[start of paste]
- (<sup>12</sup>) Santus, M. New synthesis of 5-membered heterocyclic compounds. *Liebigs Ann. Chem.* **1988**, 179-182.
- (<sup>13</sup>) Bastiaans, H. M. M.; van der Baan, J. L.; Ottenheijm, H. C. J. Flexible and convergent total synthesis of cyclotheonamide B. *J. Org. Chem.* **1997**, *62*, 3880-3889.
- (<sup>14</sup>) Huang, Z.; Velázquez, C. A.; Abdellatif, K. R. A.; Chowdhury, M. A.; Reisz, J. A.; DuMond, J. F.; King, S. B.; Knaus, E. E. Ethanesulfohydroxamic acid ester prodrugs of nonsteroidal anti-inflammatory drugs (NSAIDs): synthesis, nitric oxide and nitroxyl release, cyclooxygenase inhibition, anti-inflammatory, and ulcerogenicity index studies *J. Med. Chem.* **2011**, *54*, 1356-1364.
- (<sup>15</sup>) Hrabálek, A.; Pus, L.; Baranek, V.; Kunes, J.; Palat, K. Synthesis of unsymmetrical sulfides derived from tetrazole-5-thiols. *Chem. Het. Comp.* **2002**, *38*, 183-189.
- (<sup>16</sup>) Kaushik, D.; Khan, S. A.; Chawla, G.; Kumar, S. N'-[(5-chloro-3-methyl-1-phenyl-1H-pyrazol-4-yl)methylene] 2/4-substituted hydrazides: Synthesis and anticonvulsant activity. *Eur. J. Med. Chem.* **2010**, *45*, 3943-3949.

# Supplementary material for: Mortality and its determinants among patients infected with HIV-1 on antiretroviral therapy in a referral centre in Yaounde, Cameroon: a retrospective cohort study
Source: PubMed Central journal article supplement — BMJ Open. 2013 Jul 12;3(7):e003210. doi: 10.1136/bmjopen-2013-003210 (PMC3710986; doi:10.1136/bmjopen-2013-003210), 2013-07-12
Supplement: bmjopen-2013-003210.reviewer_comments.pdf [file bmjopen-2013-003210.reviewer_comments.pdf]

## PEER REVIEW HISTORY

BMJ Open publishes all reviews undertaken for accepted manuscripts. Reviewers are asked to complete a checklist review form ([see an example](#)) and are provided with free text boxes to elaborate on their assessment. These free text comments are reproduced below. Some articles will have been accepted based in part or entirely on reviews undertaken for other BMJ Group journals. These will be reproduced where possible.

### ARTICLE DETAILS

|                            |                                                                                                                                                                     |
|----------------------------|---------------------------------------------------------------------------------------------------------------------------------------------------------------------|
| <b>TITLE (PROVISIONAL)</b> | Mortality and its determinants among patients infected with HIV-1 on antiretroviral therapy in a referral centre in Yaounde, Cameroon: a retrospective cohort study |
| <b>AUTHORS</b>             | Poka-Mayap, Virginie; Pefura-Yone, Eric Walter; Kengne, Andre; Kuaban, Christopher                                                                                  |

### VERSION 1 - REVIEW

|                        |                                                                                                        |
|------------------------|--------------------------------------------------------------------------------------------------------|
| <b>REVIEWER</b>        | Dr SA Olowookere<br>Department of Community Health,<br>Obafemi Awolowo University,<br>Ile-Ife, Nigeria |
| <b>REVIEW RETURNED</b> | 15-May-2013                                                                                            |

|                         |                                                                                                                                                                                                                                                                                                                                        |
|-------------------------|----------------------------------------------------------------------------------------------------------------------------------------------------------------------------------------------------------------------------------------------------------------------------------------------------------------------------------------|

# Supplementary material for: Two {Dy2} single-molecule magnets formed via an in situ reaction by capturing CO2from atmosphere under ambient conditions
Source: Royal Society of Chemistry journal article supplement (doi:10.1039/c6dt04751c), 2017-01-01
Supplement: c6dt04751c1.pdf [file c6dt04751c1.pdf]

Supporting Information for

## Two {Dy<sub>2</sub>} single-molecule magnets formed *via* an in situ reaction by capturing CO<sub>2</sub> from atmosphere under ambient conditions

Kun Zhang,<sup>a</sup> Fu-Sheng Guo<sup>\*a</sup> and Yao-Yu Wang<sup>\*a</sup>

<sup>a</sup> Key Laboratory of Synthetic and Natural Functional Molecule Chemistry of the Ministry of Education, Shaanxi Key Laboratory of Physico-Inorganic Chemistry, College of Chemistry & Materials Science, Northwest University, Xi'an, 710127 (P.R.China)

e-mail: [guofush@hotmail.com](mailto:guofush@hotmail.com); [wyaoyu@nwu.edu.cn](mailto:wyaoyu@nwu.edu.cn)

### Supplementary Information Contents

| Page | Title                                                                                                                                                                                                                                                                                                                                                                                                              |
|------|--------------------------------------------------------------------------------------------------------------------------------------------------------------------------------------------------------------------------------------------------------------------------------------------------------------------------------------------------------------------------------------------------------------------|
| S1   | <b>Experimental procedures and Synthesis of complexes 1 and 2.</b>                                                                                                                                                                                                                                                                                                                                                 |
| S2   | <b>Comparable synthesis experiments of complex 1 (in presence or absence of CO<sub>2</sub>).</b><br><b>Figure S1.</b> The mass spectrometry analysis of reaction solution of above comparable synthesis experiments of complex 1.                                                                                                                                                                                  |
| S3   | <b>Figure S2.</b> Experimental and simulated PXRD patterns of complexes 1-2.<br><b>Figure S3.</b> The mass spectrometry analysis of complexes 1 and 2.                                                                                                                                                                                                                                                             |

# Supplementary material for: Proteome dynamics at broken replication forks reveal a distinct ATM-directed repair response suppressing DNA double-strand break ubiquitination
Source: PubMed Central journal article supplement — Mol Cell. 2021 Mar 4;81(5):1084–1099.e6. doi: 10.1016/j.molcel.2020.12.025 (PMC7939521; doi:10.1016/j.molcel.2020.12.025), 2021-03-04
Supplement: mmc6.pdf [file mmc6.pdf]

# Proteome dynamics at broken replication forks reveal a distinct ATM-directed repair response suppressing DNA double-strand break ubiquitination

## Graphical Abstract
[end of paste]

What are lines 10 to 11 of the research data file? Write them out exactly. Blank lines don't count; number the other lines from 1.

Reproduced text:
BMJ Open publishes all reviews undertaken for accepted manuscripts. Reviewers are asked to complete a checklist review form ([see an example](#)) and are provided with free text boxes to elaborate on their assessment. These free text comments are reproduced below. Some articles will have been accepted based in part or entirely on reviews undertaken for other BMJ Group journals. These will be reproduced where possible.

### ARTICLE DETAILS